De Souza Gallery is delighted to present “Layered Perceptions”, a solo exhibition and online presentation of paintings by J. Kesín.
The exhibition focuses on the artists latest body of works with the titles “Series Stripes” and ‘Horizons’, both produced during 2020/21, however, a few of his earlier works will also be on show.
The works depict through the application of multiple paint layers the artist’s perception of subjects from such different fields as current affairs, personal experiences, poems or concepts. Each layer may have its own meaning and represent a certain part of the subject, whether concrete or perceived, thus incorporating a constructed quality into the works. Yet the symbiosis of a somewhat analytical approach with spontaneous decisions towards the application / removal or covering up of paint strikes a satisfying balance in the finished works.
Exhibits from Series ‘Stripes’
Kesín’s series of works, ‘Stripes’ comprises abstract manifestations of the painters perception of different subjects. ‘Panther’, a visualisation of Rilke’s poem was the starting point of the series and initiated the artist’s desire to explore the possibilities of combining different layers and aspects of a subject into one cohesive painting. Kesín uses various layering techniques and the paint application is mostly limited to vertical lines / stripes. The choice of colours and their application is partly deliberate and analytical and partly intuitive.
Subsequent works in this series, have so far been concerned with places and times that had a significant meaning for the artist. Here the different layers may represent facets like landscape, architecture, people, history, events….yet always through the lens of personal memory, encounters, thoughts and emotions.
2020, 81 x 130 cm, Oil on Canvas
“The Panther” (subtitled: “In Jardin des Plantes, Paris”; German: “Der Panther: Im Jardin des Plantes, Paris”) is a poem by Rainer Maria Rilke written on 6 November 1902. It describes a captured panther behind bars, as it was exhibited in the Ménagerie of the Jardin des Plantes in Paris. It is one of Rilke’s most famous poems and has been translated into English many times, including by many distinguished translators of Rilke…
‘Panther’ is an almost sequential and literal work, with many of the aspects of the poem recognisably visualised in the different layers.
The first transluscent layers of the background are split into brighter tones representative of an (imagined) life before the animal’s capture, followed by more sombre ones symbolising its life in Paris.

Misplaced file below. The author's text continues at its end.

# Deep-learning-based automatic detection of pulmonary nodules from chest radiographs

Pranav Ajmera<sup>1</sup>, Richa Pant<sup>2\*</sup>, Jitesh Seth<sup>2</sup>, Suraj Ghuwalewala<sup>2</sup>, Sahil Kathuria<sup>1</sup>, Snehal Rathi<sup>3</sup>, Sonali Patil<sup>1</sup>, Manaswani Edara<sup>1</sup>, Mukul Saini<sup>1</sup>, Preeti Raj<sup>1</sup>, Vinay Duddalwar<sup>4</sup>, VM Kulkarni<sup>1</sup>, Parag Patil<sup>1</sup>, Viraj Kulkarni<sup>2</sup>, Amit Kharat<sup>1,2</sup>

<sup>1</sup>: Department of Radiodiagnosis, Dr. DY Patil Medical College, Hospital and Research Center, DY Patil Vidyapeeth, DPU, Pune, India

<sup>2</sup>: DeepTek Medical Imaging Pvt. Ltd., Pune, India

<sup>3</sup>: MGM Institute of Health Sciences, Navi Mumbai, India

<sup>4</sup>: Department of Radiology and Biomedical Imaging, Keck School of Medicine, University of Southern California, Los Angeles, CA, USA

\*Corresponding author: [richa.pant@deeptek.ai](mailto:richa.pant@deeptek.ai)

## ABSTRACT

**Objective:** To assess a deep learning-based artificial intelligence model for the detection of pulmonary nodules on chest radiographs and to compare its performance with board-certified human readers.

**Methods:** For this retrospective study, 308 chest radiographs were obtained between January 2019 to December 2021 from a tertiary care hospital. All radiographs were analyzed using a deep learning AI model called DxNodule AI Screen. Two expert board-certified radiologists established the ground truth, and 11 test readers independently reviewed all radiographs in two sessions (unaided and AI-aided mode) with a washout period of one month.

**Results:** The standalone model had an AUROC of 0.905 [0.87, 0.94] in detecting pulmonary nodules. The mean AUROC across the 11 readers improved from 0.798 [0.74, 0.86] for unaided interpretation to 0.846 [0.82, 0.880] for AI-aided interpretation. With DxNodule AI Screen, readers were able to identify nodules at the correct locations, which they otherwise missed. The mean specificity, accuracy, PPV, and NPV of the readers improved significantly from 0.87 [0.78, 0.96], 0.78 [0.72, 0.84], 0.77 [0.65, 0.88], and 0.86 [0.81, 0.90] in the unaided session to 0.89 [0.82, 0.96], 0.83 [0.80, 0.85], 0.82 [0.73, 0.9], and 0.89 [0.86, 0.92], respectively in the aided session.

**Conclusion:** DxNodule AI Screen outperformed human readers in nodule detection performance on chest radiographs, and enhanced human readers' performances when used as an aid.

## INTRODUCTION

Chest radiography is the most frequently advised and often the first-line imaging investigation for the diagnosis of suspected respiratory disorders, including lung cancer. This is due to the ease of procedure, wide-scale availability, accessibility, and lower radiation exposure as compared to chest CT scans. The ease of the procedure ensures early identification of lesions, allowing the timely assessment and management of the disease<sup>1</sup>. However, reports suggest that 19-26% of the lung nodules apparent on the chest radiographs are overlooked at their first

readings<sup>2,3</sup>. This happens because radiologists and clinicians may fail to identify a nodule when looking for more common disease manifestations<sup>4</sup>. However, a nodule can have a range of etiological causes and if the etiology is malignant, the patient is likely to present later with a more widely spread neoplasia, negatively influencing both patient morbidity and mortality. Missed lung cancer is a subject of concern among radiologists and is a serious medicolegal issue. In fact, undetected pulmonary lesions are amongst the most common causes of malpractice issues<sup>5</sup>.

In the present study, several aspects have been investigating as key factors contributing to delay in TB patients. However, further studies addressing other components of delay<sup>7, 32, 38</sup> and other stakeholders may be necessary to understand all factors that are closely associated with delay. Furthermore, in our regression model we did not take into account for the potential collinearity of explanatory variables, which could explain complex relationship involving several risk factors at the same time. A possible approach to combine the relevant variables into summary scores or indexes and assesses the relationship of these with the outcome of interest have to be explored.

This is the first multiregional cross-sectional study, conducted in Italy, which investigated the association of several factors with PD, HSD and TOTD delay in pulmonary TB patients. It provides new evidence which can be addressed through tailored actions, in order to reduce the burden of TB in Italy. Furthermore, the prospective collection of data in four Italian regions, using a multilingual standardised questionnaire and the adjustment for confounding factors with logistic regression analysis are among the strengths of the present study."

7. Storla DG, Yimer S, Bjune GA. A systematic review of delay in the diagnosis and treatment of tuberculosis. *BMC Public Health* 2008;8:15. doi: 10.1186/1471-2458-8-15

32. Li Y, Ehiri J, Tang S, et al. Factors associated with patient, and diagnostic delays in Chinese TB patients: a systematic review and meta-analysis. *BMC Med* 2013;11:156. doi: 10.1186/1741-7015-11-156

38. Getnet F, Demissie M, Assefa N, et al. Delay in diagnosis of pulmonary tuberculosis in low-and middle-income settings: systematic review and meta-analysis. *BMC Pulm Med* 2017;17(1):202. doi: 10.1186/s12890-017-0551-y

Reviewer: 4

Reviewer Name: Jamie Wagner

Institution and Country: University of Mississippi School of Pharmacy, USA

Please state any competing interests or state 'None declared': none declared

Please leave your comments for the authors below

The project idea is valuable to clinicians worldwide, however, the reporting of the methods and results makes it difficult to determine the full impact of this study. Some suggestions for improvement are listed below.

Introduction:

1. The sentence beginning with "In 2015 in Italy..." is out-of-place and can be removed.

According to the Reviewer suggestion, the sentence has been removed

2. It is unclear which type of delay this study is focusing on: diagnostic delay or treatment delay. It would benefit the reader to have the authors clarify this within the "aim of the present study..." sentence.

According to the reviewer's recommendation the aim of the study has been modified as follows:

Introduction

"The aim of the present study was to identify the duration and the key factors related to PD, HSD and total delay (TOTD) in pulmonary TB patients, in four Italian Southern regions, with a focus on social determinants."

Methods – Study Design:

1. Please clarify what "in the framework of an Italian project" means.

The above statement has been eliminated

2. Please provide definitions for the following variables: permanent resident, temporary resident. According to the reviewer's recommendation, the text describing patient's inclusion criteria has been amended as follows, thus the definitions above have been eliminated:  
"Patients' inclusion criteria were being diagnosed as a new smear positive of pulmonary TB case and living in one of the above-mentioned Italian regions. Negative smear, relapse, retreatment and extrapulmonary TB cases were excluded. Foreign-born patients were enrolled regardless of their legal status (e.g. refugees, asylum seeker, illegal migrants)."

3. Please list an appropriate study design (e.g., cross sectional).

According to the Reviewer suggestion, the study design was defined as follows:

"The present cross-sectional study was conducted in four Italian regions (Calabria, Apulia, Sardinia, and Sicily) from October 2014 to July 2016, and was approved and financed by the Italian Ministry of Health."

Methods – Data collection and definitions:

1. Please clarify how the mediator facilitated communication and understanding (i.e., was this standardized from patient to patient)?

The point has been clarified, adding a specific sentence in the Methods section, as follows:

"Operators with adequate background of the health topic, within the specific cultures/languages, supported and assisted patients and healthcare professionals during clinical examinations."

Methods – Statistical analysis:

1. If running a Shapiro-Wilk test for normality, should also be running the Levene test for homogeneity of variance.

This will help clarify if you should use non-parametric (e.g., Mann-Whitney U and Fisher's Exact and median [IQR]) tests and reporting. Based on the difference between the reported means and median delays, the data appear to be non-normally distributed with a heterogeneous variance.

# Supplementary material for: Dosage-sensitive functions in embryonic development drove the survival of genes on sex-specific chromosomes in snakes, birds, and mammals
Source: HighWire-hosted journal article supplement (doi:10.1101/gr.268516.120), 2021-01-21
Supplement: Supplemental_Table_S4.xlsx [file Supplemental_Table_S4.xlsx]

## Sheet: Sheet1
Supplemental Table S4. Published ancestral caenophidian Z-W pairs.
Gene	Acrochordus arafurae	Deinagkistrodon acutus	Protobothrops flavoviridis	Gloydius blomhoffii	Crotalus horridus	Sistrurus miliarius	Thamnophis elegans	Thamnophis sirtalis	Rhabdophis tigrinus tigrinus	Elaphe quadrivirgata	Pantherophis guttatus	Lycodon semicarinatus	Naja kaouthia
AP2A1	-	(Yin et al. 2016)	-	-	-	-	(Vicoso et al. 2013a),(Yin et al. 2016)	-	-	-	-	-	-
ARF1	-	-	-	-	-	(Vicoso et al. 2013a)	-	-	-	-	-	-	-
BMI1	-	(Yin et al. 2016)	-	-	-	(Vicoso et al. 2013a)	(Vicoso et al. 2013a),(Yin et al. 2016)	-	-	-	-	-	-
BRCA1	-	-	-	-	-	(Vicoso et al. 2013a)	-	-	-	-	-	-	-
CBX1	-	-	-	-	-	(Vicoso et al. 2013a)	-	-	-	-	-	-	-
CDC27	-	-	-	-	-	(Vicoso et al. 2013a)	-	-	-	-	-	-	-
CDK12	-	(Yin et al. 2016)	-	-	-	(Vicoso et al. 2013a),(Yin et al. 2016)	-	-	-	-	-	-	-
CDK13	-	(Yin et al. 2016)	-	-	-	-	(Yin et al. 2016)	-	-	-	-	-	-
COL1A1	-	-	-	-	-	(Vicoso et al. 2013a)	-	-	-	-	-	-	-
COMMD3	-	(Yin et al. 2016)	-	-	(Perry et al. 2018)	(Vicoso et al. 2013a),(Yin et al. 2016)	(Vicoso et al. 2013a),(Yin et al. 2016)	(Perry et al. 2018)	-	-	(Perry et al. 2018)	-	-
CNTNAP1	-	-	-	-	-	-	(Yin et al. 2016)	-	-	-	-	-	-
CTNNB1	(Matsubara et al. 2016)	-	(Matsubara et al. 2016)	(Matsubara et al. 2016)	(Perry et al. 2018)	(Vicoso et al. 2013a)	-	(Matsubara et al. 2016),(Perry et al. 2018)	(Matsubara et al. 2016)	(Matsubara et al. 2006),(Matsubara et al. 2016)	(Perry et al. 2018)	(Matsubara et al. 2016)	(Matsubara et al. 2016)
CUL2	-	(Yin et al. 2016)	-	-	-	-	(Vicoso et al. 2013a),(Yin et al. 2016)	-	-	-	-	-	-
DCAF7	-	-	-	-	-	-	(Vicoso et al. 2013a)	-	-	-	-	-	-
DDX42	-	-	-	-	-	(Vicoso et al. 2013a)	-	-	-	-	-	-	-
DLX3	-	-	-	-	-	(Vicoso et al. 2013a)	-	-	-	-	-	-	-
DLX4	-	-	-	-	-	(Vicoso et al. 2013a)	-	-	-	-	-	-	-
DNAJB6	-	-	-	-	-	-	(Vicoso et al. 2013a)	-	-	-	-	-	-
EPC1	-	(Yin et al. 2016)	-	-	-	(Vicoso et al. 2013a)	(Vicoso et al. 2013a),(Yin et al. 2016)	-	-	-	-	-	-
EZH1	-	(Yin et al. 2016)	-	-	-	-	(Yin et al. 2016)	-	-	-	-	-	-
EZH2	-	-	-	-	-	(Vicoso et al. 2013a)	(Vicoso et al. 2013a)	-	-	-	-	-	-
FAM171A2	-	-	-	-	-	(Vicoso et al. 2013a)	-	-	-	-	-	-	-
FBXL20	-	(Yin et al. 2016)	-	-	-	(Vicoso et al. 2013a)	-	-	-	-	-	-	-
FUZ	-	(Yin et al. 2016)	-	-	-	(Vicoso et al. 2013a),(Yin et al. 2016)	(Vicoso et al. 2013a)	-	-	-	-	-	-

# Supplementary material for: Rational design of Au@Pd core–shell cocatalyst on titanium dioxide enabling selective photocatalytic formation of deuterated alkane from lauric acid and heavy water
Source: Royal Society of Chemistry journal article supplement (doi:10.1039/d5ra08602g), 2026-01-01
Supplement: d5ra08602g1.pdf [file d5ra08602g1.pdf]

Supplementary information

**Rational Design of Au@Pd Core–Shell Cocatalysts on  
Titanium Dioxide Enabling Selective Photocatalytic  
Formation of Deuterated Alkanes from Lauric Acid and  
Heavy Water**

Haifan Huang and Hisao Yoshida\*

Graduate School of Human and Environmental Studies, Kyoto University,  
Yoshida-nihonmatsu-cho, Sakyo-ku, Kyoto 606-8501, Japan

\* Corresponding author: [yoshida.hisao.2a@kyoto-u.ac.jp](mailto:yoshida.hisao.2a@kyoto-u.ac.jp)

Kesín paints the circle twice. In the lower layer it represents the monotony of the panther’s life, the circular walk around his cage, as well as his pupil (‘Only at times the curtain of the pupil Slides up’).
Dark stripes form the animals cage, and are also threatening to cover the whole painting when the animal seems to have given up. Yet, there remains a glimmer of hope for the panther’s future, as the second circle has not yet fully closed, and the bright reds representative of the panther itself and of his subdued strong will still shine through.
His gaze, from the passing of the bars,
Has grown so weary, it cannot hold anything anymore.
He feels as if there were a thousand bars,
And behind the thousand bars no world.
The soft tread of supple strong steps
That turns in the tiniest of circles
Is like a dance of strength around a center
Wherein a mighty will stands, paralyzed.
Only at times the curtain of the pupil
Slides up, without a sound – . Then a picture enters,
Goes through the limbs tense stillness,
And in the heart ceases to be.
2020, 81 x 130 cm, Oil on Canvas
Kesín has a clear emphasis on the colours of sky and seas in ‘Antibes’, with a more organic, wavelike pattern suggesting movement. There are hints of vivid colours that may represent the architecture, markets and colourful awnings.
2020/21, 81 x 130 cm, Oil on Canvas
In ‘Luxor’ the viewer may perceive amongst others the colours of the desert, Egypt’s golden history, dark tomb walkways, fresh and ancient blood, or the colours of children’s sun bleached clothes as they play. Lines of blues and greens may remind the viewer of the Nile and its banks, and overlayed graphics seem to take on shapes reminiscent of ancient stelae.
2020/21, 81 x 130 cm, Oil on Canvas
In ‘Khiva’ the blues and turquoises of the tiled domes are a clear feature. We are reminded of the Kyzylkum Desert and of the brickwork of the old town with colours of ochre and sable. The black confining graphics of the top layer, resembling ironwork, are possibly hinting at the suppression of the Uzbeks under Soviet rule and then later, the broken promise of democratisation.
2021, 81 x 130 cm, Oil on Canvas
Kesín depicts ‘Moscow’ with a more rigid structure. One of the upper layers covers the whole painting in a translucent ‘whitewash’ suggesting the viewer may be looking through a window in the rain or a snowstorm. The visibility of the lower parts of the painting is therefore obscured.
Thicker stripes, and horizontal and vertical lines of the top layer dominate the work. The thick stripes might represent old and new Russia, symbolised through the pastel and mustard colours of old architecture and a darker stark new skyline. This strong contrast may also hint at societal inequalities like extreme wealth versus poverty.